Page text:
viii.      An electric toothbrush

                                                        ix.      Run through a department store, a hardware store, an antique store.

k)    Try something ridiculous.  Did I mention that the objective is to make you think about the parts in a different ways?

a.     This may depend on what you are working with

b.    Have an elephant step on it

c.     Let Picasso have a go at it and let it sag

d.    Wring it out like a wet towel.

These are my mental tests.  Feel free to add, modify, remove, play.


Remember the measure of success is new and different ideas







These tools are intended to use a physical motion or position to break your thinking patterns.  Please be careful.  Don’t hurt yourself but do think about your problem while you are doing these things, sort of in the back of your head.  You may want to have some paper close to take notes.


 a)  Think about the problem when you are going to sleep, dreamy state can be very productive but sometimes it can be hard to remember your ideas.

 b) Go chop wood or dig a hole or do some other VERY physical task.

 c)  Do a completely different task.

 d) Throw pick-up sticks and look for patterns.

 e)  Pick random words from the dictionary; read the etymology, read the entire definition, read the definition of a word you found there.

 f)   Look through that drawer in your kitchen that is where you put everything that doesn’t have another place.  Can you use any of those shapes?

 g)  Grab two things that don’t belong together, hold them together and make them move about.  These can resemble your problem, or they can be very different, of both!

 h) Go to Wikipedia (give them a donation so your conscience is clear).  Pick a like from the front page.  Glance through that article and look at the pictures.  Pick a link in that article, pick a like there; follow a rabbit from one link to another,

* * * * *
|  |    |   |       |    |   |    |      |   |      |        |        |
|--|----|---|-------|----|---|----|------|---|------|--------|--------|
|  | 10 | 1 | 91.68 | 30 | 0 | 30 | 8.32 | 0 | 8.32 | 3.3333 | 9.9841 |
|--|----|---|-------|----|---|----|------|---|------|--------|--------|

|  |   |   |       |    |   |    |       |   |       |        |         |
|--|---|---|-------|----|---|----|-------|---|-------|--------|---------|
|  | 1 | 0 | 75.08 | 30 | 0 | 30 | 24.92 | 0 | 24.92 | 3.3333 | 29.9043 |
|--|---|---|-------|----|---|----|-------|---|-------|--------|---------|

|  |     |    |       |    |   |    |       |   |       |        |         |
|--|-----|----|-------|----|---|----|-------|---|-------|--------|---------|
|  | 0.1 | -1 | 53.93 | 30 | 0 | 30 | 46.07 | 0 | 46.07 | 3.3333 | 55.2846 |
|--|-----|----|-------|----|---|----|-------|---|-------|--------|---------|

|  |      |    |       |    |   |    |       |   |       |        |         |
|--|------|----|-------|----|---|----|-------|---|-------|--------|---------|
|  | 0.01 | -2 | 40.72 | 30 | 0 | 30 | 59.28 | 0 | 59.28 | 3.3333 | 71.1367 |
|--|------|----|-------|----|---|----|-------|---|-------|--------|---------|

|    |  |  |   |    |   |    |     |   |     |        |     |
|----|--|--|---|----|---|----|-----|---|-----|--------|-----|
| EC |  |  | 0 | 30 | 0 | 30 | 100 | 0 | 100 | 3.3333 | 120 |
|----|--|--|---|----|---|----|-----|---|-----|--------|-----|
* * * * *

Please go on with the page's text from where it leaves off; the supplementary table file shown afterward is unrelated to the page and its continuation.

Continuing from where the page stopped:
i)    Do something that involves motion.  Any new patterns?

 j)    Do some routine task in a completely different way




Chapter 8: THE LAST TEST


Mentally grab a blank sheet of paper: draw a brand-new solution, draw several.

Grab a real sheet of paper and doodle some new solutions.


This is not only the end of the brainstorming part of the solution; but it is the start of the actual solution. 


Just remember, this process can be repeated, every time you run into a stumbling block.  Every time you just are not happy with what you have.







ü  Don’t stop at the first good answer.

ü  Don’t run off with the first idea, there may be better ones.

ü  Go through the whole process, on the rare occasion when the first idea is the best, other ideas may improve it.

ü  Compare your answers and ideas with each other; can you use one to make another one better?

ü  Sometimes you just know there is still a better idea out there.

o             Keep trying, up to a point

ü  Sometimes you just go with what you have.






You will know when it works.  You will come up with THE answer.  That perfect elegant answer, just a few tweaks to finish it. 


Wow, there is nothing better (almost).




Thanks for reading this bit of my imagined wisdom.  I truly hope it helps!

Derrick Charbonnet


You can buy this book here at


© 2018 Derrick Charbonnet, all rights reserved.

If you are interested in discussing this more, you can find me.  I have left a pretty broad trail in life.